“I’D NEVER BEEN at a match”
It wasn’t mean to be this way for Joe Quaid. In September 2012, he was basking in the glory of an All-Ireland triumph with his Limerick U16s, a group of lads he had led for three years.
The following day, he was informed that he had been overlooked to take over as manager of the minors for 2013. Extremely disappointed with the decision of the club delegates in Limerick, he declined the position of selector and moved on.
“We deserved – we are not entitled to anything, but I think we deserved a shot at bringing these kids forward,” he told the local press shortly afterwards.
So how did he go from that disappointment to end up in charge of Limerick’s camogie team, having never watched a game before?
“I got involved by default,” he said. “I planned to be up here with our minors this year because I had them for three years. We didn’t get the minor job so that’s when I took on the camogie then.”
Fast forward two years and Quaid has finds himself riding the crest of a green and white camogie wave in Limerick. They are chasing a third All-Ireland camogie title this year, having already claimed the minor and junior titles.
“A year like this will never again happen in Limerick camogie. There’s some of them girls hopefully Sunday week will have minor, junior and intermediate All-Irelands medals in one year.
“That’s a lifetimes medal haul by the time they are 18.”
Twice a Munster championship winner and a two-time Allstar during his goalkeeping days with the Treaty County in the ’90s and early ’00s, this was Quaid’s first time to be involved with a women’s team of any description.
“I suppose the first thing is: the way you speak has to be a lot different. Innuendo can be picked up a different way but I suppose it took a while to get used to it, to realise that they wanted to be treated the same as the fellas are treated. No sugarcoating.
“The one thing I’ve noticed is that, we tried to break them a few times this year and run them into the ground at training.”
He spoke of savage training sessions that went on for up to two and a half hours in an attempt to test his players mentally, as much as physically.
“We just had to stop. They beat us. They were walking around the field and they talking away and yapping. We were wrecked from watching them.
“But the level of training they do and are capable of doing is just phenomenal. When you’re talking to them, you know they’re listening.
“Jesus Christ. I held tackle bags for them one night and I wasn’t able to walk for two days after it. They actually hurt me like.
“I’d hate to be married to one of them and go home and tell them you lost your wages on a horse. You’d get a fair bating off them I’d say,” he joked.
Quaid’s eyes lit up when he spoke about the ability of Limerick’s gifted defender Sarah Carey, the 21-year-old daughter of his former team-mate Ciarán Carey.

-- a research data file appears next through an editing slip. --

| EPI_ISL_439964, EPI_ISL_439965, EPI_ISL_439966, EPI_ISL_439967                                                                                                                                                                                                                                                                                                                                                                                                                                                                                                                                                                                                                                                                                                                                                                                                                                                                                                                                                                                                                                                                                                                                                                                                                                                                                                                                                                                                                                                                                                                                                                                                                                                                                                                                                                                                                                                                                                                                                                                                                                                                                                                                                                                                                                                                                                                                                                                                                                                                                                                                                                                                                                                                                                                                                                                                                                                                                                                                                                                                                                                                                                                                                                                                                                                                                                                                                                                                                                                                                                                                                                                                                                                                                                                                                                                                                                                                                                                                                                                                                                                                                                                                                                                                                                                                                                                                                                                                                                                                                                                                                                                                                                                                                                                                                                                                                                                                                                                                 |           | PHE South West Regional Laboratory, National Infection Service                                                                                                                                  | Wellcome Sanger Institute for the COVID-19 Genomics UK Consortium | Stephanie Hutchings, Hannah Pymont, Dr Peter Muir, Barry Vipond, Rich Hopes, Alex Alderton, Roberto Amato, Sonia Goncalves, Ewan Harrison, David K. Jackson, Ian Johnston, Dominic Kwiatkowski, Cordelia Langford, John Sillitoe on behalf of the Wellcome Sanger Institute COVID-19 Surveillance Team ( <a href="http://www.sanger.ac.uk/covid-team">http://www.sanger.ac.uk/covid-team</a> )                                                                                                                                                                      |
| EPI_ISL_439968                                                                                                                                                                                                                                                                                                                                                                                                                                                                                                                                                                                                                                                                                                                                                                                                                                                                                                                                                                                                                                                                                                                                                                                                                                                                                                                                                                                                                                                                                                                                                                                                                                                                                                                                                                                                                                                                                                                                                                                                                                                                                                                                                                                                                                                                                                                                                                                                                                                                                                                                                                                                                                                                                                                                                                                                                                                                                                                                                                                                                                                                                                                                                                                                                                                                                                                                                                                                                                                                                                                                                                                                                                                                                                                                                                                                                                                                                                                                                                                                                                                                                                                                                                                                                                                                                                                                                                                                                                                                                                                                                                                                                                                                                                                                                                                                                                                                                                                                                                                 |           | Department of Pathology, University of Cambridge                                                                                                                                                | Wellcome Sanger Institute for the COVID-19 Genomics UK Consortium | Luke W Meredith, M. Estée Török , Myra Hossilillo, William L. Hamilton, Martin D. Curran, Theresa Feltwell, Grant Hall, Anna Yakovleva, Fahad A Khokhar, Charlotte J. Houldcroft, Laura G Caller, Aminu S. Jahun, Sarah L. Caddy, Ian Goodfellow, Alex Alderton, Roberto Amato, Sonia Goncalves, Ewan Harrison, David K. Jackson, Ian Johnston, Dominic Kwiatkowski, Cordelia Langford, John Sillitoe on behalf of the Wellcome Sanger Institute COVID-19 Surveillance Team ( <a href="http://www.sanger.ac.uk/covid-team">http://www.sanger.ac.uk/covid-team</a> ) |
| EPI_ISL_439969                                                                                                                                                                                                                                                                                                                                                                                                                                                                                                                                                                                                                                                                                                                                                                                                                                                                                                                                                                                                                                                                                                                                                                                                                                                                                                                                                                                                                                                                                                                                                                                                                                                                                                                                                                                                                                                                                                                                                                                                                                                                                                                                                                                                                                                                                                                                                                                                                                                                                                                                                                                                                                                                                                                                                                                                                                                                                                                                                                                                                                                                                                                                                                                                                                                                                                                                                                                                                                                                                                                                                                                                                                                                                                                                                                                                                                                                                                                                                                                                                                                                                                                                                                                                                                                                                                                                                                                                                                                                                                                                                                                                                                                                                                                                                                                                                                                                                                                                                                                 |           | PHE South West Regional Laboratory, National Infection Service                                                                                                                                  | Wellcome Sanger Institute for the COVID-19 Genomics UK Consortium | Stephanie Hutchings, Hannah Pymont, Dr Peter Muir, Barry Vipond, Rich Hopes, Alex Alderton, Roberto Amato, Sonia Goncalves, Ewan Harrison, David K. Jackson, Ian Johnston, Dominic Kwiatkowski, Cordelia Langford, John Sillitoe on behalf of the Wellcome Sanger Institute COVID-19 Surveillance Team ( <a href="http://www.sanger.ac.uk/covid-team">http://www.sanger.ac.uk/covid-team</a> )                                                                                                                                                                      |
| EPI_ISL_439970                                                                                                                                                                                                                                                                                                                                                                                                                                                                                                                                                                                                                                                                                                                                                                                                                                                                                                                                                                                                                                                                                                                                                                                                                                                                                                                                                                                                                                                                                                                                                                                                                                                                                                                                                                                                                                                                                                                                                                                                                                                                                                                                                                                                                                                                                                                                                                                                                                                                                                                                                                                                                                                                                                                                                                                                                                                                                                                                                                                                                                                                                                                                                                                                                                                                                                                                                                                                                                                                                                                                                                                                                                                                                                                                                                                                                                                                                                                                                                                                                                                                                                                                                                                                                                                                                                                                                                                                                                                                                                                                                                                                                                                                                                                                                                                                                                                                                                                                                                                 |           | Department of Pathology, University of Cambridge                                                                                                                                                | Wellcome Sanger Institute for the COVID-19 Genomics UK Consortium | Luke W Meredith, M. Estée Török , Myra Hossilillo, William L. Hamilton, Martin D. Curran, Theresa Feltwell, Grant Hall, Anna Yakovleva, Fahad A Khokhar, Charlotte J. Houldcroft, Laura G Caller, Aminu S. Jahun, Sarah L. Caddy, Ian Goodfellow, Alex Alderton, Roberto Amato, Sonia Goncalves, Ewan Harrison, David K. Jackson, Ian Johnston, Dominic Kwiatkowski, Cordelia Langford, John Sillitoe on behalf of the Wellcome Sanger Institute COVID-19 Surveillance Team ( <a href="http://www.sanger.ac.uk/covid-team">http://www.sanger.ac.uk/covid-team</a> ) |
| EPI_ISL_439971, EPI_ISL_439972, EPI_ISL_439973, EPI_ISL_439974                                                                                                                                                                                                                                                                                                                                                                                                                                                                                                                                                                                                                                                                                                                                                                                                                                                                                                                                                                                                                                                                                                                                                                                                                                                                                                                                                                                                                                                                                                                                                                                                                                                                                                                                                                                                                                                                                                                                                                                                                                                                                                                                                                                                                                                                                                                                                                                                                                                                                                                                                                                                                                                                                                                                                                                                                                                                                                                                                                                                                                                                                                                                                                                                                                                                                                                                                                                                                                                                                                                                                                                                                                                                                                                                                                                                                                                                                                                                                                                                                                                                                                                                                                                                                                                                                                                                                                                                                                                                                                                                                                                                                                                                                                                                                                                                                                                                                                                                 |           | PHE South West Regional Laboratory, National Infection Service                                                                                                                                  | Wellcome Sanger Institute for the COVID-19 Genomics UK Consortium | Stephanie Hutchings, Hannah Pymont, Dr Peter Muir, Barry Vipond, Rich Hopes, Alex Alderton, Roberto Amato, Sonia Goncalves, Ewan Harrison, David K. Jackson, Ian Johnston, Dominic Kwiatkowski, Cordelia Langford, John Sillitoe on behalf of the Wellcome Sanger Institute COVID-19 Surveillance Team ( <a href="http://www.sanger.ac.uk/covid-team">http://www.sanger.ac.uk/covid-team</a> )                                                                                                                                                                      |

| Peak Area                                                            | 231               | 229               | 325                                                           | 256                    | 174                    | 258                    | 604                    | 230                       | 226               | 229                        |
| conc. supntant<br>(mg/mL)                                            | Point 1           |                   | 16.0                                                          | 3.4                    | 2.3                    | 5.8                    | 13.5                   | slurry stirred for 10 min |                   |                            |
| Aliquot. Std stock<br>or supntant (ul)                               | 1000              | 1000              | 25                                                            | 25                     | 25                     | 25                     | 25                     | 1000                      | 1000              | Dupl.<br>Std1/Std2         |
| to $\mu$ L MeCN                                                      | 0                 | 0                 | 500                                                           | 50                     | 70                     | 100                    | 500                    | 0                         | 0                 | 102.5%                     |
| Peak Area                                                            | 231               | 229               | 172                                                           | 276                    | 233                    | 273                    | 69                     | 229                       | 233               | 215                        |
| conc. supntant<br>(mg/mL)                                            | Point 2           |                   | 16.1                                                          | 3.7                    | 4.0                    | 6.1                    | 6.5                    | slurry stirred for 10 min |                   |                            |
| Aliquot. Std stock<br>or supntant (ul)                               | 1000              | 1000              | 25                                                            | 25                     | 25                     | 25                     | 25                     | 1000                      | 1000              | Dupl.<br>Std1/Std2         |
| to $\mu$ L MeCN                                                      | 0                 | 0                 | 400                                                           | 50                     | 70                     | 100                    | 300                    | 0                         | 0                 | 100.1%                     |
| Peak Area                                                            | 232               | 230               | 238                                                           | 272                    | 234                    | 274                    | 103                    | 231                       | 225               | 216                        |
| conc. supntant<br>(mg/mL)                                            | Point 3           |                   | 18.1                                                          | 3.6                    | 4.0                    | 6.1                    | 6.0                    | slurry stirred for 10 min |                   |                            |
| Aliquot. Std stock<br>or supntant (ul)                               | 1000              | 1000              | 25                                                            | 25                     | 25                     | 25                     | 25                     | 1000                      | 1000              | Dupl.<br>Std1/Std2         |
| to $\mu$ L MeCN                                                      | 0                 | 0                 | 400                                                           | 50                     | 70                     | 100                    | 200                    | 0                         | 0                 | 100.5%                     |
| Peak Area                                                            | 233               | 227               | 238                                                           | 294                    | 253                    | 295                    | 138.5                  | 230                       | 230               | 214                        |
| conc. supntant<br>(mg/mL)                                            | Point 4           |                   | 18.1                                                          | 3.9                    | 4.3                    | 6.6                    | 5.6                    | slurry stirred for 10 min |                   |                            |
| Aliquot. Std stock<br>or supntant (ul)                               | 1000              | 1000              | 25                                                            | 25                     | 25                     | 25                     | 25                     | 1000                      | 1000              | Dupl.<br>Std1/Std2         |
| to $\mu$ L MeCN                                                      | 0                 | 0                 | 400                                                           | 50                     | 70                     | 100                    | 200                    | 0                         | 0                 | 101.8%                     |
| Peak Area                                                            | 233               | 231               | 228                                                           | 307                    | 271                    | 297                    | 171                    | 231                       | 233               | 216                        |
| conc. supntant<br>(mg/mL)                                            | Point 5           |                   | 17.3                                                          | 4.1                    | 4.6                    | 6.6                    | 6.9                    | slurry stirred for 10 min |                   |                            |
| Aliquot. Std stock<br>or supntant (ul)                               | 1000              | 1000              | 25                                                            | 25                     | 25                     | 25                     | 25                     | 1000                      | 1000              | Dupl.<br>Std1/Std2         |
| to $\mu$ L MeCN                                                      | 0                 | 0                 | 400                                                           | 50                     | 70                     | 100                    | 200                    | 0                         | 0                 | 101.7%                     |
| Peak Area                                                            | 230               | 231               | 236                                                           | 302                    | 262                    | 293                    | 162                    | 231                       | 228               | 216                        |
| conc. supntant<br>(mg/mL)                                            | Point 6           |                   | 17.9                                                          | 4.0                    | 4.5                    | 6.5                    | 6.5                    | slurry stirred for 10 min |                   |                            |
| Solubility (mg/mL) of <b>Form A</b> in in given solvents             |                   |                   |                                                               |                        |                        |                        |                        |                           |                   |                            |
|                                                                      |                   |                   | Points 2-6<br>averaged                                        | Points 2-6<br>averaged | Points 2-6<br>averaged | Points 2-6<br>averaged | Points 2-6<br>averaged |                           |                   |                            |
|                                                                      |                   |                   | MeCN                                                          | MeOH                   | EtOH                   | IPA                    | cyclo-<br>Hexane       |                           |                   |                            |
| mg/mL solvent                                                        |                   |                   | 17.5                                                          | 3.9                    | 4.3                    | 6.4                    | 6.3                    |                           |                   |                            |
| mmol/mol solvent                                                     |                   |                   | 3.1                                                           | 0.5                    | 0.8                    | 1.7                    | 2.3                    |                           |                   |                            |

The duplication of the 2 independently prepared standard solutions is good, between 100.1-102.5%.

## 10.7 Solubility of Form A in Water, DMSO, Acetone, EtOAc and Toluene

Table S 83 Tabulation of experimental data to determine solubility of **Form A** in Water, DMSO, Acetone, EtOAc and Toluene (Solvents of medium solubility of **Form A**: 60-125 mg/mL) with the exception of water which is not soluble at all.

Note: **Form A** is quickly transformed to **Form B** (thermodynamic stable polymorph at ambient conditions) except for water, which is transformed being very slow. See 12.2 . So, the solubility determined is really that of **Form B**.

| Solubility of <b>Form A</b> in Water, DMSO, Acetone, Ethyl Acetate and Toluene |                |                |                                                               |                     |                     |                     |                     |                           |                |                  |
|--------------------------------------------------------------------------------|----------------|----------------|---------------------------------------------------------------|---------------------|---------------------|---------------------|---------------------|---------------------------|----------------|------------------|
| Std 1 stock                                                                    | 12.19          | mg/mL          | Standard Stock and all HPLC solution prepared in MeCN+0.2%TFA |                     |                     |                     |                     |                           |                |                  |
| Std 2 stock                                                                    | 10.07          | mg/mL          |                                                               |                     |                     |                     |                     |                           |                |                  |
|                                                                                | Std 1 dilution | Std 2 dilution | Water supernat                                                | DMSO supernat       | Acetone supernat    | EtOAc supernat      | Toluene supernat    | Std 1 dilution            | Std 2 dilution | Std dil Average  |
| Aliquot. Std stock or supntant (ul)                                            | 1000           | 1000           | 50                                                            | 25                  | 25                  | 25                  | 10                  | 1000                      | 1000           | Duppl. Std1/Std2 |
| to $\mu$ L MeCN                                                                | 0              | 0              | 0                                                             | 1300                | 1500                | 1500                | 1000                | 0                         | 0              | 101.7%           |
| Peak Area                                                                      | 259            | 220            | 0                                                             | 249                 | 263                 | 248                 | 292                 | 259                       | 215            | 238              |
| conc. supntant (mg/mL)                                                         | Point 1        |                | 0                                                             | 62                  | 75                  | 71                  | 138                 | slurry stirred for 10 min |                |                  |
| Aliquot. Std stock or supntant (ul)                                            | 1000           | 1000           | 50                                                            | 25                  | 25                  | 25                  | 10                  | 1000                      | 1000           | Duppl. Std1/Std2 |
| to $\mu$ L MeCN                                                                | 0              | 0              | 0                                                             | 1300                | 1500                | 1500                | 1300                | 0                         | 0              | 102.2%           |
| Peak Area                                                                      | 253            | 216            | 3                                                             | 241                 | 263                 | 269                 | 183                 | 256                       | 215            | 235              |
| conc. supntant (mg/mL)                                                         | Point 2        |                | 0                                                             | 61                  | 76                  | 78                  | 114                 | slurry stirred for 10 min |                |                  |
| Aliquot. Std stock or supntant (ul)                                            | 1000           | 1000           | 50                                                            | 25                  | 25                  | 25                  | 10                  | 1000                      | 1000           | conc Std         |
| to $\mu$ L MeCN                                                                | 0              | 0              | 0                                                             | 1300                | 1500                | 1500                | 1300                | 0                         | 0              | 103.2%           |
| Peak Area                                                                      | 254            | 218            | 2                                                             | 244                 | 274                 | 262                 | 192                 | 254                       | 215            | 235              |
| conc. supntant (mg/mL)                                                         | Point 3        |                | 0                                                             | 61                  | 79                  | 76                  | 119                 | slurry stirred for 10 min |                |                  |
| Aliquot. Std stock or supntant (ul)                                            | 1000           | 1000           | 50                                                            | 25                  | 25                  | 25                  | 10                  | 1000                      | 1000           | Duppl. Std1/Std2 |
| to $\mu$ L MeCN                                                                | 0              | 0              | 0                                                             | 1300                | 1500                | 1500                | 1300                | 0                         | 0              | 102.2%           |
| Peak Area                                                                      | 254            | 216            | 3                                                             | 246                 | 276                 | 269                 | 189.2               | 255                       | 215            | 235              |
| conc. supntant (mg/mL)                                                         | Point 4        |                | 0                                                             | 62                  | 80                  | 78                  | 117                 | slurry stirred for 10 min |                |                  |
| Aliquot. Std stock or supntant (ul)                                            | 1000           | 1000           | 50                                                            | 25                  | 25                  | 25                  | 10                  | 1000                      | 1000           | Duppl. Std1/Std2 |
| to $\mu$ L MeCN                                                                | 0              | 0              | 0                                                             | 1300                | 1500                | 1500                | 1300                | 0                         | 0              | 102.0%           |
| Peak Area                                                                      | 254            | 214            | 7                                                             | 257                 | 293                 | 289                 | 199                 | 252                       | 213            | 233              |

“I see Sarah Carey now, she’s Ciarán’s daughter. She’s centre-back and she’s like watching Ciarán. She just (runs) up the field, weaving in and out.
“As I said to Ciaran I said, ‘You wouldn’t lace her boots.’ We coined a phrase, when she hits people that you’ve been ‘Carey-’ed’. She’s only 21, she’s some hurler. She’d make most men’s teams.”
Sarah’s father and Quaid soldiered together for Limeick’s seniors for 11 years. They were beaten in All-Ireland finals in ’94 and ’96, the first of which was the Shannonsiders’ infamous late collapse to Offaly.
In his first year in charge of this squad, Limerick were beaten in the All-Ireland intermediate final to Galway. From experience he understands it doesn’t guarantee they will go one step further the following year.
“Well as I’ve said; I’ve two of them lost there as a player. But losing one doesn’t guarantee you that you’ll win the next one. Jesus, tis 20 years since ’94 since I played here in that famous Offaly game. And 20 years passes quick.
“Listen, my time is come and gone. I’m not going to be going up the steps but, it would be brilliant for the girls. I see the work they’ve put. They’ve actually trained harder than the Limerick senior hurlers. “
“I know that, because I’ve seen the the hurlers training and I’ve seen us training. We’ve been out nights in Rathkeale, we’ve started first and the senior hurlers have been training. They come out, they’re gone home, we’re still there. It’s three or four nights a week.”
Quaid and his players got into a huddle in front of Hill 16 when they lost the final last year, and made a promise to return even stronger in 2014. An All-Ireland defeat was tough for him to take, but they’ve bounced back and are ready to make up for lost time.
“Listen, we’re used to it in Limerick. I’m 42 years on this earth and I’ve never seen a Limerick person climb up the steps of the Hogan Stand.
He might have envisioned himself walking up those hallowed steps with the minors last weekend, but instead Quaid finds himself on the verge of leading Limerick’s camogie stars to an All-Ireland title in Croke Park.
“The best way I could describe camogie and look, I was as ignorant to it as the next person before last year, is it’s hurling in its purest form – without the cynicism.
“All the girls want to do is win the ball.”
He wouldn’t have it any other way.